The Panic Virus by Seth Mnookin is a gripping book about infectious disease that delves into the complex world of medicine, science, and fear. Mnookin explores the rise of the anti-vaccine movement and its impact on public health, using the controversy surrounding the MMR vaccine and its alleged link to autism as a focal point. Through meticulous research and compelling storytelling, the author examines the origins of vaccine skepticism, the spread of misinformation, and the consequences of vaccine refusal. Mnookin also provides insight into the challenges faced by scientists and public health officials in combating infectious diseases and maintaining public trust. The Panic Virus is a thought-provoking and informative read that sheds light on the intersection of science, society, and fear.

The Hot Zone

by Richard Preston

The Hot Zone by Richard Preston is a gripping non-fiction book about infectious diseases, specifically focusing on the Ebola virus. The book takes readers on a heart-pounding journey through the origins and spread of the deadly virus, with a particular emphasis on the 1989 Ebola outbreak in Reston, Virginia. Through vivid and chilling storytelling, Preston delves into the terrifying world of infectious diseases, exploring the potential for global pandemics and the efforts of scientists and medical professionals to contain and combat these deadly threats. The Hot Zone is a fascinating and eye-opening read that sheds light on the devastating impact of infectious diseases and the crucial importance of understanding and managing these lethal pathogens. If you’re interested in a real-life thriller and a deeper understanding of the dangers posed by infectious diseases, this book is a must-read.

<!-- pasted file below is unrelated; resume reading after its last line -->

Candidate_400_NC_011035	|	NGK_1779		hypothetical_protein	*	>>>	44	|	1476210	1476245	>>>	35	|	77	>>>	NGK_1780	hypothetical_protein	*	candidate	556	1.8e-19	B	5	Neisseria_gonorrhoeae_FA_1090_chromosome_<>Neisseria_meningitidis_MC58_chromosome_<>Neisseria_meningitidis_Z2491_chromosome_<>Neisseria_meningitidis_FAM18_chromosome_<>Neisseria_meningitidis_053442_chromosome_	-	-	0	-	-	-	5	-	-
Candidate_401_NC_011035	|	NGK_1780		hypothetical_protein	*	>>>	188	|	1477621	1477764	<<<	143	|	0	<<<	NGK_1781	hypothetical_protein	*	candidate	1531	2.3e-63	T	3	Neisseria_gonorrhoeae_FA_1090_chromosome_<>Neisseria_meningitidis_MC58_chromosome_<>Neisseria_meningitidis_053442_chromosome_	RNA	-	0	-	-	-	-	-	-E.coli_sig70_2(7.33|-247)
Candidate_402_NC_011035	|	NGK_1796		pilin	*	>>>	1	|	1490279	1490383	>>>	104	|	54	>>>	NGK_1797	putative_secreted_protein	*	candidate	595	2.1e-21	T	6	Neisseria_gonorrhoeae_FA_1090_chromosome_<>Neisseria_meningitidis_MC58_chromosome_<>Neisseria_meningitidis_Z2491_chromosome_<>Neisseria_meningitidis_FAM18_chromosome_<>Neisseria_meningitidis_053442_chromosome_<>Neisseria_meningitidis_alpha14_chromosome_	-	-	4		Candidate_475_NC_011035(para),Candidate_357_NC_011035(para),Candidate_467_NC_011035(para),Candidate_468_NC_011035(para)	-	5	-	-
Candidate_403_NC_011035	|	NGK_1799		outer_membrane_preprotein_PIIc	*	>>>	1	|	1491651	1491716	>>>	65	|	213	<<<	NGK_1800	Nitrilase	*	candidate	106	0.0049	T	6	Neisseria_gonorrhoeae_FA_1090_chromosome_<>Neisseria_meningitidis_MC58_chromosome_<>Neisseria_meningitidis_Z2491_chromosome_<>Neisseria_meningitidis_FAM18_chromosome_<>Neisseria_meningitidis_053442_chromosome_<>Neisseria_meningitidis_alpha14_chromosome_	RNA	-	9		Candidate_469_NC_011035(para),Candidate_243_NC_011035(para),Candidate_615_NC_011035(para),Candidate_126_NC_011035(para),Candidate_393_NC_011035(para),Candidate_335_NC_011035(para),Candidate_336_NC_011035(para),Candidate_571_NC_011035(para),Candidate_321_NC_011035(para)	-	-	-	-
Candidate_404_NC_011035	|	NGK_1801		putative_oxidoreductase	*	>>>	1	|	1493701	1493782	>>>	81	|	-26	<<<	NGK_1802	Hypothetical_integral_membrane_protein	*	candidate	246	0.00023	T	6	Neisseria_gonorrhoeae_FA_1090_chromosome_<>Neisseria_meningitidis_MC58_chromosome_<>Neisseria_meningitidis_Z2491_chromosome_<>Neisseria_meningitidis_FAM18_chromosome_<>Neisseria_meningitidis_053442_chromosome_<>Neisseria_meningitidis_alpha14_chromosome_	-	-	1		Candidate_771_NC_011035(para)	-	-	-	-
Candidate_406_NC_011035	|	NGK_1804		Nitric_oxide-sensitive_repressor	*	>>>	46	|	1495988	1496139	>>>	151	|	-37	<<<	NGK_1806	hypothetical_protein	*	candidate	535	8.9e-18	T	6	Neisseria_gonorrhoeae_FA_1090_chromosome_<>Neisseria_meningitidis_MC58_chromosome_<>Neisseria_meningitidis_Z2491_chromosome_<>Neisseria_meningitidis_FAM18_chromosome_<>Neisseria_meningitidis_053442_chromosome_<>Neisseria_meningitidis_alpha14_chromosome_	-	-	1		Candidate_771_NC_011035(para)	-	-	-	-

The Andromeda Strain

by Michael Crichton